7. IMHO, tasting (and smelling) at every step is important. Of course it tastes yeasty at first — because there’s yeast in it. As it progresses, it changes. Take notes. Learn what it tastes like at each stage. Then you’ll know for future batches when things are going wrong.
  8. Don’t bottle until it’s clear. This won’t happen until fermentation is complete (that one in the middle looks like it’s still fermenting), and the wine has degassed. This can be helped along by various methods, as can the clearing, but many people just let nature take its course (6-18 months). Stirring and/or applying vacuum can help degas, and fining agents can help clear. It all depends on how patient you are and whether you want to add more chemicals.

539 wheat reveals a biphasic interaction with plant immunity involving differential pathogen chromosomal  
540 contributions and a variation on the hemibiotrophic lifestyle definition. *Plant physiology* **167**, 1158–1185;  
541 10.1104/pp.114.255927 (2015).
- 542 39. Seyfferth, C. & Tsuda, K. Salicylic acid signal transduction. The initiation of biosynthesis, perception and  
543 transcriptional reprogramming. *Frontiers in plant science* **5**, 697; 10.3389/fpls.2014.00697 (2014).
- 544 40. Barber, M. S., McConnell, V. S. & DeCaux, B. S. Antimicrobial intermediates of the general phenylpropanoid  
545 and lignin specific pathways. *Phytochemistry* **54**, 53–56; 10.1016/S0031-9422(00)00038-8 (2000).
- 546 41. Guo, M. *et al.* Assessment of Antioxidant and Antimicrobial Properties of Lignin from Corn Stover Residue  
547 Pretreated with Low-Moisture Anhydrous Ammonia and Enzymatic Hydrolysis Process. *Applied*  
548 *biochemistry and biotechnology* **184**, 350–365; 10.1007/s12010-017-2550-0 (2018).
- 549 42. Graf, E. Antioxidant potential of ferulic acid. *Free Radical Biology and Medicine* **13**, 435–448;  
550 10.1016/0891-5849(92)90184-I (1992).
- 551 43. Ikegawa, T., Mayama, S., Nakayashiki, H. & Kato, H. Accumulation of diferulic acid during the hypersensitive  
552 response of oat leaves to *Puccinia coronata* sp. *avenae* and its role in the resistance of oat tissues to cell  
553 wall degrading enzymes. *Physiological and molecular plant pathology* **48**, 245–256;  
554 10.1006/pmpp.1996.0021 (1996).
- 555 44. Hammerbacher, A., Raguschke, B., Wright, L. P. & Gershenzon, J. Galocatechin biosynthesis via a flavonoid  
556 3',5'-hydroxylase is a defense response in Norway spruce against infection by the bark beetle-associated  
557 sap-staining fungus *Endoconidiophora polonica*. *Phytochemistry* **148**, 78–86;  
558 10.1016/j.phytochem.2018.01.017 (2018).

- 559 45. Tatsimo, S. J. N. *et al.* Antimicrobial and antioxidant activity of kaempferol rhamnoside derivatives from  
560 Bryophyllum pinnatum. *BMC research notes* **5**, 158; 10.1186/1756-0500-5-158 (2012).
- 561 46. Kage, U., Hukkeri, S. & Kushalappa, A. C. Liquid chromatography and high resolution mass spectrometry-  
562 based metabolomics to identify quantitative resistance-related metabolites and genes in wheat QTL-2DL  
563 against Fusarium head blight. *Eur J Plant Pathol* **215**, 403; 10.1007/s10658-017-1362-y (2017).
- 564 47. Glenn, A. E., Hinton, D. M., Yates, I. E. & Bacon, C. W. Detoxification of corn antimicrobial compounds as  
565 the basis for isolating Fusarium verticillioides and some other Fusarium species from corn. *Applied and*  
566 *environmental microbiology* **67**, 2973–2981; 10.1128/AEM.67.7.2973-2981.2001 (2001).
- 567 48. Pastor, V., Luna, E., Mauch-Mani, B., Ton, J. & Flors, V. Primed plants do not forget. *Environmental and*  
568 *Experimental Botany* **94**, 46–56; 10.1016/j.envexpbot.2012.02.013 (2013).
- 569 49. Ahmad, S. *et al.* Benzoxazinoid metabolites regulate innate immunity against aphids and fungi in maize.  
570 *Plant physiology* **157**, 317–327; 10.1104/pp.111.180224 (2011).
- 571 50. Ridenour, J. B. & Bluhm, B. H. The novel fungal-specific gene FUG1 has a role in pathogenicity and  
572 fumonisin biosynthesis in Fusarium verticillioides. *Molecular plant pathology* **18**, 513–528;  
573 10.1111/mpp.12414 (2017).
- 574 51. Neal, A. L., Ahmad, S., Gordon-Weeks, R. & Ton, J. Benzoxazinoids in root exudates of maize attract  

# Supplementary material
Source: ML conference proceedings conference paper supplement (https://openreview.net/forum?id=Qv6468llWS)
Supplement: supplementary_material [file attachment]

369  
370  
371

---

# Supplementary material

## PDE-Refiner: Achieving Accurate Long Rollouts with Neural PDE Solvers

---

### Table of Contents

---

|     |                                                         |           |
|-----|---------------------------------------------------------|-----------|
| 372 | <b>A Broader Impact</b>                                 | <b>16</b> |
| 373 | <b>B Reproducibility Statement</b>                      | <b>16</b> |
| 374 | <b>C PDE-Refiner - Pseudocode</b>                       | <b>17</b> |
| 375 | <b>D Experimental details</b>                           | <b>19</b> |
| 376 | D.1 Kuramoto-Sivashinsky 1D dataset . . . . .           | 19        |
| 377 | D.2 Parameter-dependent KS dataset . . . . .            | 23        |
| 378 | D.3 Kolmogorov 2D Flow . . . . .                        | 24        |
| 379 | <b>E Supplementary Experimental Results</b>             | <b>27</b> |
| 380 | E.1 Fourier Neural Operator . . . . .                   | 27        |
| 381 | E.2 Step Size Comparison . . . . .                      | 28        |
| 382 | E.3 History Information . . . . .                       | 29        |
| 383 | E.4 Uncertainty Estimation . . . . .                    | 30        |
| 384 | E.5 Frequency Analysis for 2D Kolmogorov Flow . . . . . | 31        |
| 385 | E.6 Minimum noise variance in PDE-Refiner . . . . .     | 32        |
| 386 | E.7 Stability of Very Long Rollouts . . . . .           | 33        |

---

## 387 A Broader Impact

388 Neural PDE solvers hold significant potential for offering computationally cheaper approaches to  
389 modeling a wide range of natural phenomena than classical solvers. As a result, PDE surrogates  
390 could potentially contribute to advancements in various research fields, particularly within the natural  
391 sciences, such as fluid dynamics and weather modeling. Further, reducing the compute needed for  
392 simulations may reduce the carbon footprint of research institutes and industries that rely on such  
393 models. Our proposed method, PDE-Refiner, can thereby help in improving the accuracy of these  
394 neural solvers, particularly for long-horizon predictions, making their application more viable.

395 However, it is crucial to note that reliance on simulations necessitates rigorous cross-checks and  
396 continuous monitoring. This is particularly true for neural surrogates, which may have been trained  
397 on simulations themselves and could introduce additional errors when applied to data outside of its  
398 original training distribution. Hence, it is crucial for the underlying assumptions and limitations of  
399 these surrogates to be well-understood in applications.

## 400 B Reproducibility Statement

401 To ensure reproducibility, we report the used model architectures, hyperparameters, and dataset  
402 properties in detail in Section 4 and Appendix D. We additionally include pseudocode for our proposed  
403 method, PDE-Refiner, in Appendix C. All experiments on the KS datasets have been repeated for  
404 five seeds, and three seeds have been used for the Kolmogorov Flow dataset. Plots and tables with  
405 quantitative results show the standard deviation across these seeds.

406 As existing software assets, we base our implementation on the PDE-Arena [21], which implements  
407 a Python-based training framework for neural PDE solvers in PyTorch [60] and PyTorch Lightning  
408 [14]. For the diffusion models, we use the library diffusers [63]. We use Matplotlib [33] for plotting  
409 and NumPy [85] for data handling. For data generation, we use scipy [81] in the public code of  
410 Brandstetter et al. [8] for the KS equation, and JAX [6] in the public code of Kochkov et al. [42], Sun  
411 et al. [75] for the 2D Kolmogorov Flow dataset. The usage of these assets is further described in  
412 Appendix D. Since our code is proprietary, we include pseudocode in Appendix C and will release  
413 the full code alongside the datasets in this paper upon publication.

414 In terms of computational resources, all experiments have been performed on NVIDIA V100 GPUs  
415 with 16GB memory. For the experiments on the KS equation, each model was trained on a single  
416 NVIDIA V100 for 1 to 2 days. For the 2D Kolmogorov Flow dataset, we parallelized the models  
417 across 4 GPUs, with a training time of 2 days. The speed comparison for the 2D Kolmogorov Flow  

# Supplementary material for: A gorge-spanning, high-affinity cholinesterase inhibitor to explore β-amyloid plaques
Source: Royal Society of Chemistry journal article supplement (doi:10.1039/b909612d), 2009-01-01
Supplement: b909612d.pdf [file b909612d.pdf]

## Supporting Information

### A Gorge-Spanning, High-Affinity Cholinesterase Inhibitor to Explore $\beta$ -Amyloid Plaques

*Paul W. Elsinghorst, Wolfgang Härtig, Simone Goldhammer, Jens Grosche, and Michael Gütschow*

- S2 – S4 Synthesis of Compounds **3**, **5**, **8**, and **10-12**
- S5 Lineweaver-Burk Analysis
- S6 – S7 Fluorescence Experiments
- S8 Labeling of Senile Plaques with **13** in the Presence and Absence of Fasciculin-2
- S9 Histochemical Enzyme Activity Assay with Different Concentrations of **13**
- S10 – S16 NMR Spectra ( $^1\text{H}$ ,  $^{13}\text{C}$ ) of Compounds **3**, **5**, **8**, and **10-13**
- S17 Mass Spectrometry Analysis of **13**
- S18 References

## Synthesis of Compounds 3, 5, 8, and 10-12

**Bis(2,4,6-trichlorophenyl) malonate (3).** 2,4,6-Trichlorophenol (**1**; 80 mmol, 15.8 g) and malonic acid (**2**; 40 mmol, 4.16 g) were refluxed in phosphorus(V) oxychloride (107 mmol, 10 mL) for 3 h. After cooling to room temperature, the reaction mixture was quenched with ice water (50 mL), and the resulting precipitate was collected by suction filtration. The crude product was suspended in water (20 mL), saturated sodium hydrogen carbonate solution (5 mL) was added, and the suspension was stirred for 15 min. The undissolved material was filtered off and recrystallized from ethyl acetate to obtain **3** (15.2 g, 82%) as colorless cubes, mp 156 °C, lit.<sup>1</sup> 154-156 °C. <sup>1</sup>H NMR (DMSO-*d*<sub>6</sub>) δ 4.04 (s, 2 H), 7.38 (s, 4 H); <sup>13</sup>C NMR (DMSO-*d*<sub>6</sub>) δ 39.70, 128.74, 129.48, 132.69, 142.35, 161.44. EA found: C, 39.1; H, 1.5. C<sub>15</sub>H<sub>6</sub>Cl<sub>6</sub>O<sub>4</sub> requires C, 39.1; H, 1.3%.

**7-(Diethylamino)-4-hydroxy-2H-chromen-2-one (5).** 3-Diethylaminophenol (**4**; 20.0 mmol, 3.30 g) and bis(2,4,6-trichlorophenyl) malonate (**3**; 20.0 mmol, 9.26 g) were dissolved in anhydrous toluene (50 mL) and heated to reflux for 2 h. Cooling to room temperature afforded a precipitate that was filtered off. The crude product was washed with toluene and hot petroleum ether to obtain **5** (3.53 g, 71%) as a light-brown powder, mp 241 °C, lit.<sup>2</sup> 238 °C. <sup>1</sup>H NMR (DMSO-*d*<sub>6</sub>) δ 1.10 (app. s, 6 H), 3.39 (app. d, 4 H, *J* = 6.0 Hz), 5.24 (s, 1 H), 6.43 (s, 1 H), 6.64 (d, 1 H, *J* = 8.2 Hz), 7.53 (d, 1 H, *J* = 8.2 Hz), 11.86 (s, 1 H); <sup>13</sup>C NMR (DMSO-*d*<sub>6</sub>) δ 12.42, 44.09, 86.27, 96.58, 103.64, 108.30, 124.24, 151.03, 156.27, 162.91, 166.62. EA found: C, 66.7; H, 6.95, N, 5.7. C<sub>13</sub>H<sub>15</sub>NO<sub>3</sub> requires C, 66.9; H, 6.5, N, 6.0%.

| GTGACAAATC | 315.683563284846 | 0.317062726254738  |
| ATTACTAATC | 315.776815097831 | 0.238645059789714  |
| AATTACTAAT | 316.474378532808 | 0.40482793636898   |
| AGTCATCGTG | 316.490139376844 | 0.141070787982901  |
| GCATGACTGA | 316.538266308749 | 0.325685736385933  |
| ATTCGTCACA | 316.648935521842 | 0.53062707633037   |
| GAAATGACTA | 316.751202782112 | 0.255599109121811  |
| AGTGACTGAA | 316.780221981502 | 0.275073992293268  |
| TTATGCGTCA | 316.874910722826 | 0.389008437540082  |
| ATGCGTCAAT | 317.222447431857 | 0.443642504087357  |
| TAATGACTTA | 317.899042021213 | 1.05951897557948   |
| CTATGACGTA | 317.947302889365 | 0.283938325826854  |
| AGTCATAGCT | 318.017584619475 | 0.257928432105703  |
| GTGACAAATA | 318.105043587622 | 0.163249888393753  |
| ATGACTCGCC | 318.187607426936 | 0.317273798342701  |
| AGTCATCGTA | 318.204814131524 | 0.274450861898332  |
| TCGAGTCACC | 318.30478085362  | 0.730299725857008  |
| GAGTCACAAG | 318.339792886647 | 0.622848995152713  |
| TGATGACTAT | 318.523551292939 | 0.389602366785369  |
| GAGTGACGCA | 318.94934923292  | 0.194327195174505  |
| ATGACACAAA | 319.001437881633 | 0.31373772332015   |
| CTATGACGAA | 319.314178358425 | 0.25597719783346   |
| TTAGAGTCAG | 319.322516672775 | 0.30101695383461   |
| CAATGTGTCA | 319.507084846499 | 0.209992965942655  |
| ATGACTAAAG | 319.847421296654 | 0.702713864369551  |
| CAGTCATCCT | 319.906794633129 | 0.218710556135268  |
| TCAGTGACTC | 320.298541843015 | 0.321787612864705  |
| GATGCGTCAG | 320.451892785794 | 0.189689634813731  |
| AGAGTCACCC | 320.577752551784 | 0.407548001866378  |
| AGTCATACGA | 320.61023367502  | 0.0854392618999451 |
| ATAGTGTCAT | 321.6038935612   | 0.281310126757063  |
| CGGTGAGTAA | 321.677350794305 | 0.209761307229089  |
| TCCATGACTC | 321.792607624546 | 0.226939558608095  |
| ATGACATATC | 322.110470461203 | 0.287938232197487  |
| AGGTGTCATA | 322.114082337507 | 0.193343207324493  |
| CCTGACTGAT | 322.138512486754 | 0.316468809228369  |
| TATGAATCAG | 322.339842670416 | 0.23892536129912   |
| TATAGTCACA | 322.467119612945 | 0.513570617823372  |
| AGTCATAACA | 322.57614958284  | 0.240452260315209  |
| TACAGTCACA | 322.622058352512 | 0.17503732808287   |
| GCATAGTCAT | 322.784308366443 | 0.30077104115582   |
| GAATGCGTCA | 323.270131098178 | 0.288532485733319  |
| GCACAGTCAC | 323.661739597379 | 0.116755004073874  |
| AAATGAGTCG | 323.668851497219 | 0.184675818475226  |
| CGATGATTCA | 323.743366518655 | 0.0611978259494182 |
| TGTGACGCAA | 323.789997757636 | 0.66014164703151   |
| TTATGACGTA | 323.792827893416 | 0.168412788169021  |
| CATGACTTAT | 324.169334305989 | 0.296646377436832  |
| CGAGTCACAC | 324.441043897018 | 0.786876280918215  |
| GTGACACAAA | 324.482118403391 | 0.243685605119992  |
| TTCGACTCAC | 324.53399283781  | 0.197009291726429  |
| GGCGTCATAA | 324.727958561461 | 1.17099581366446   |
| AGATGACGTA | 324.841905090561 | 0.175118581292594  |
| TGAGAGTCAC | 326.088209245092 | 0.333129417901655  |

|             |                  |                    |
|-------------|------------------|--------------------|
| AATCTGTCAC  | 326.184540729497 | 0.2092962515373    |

9. Other than not being able to check your SG, I wouldn’t say you’ve done anything wrong, and everything looks really good. Your “Frankenstein Monster” in the back needs some attention, and you’re quite a ways away from the 2 Loganberries being clear enough to bottle, but have patience. It’s hard to tell from the picture how clear the one on the right is.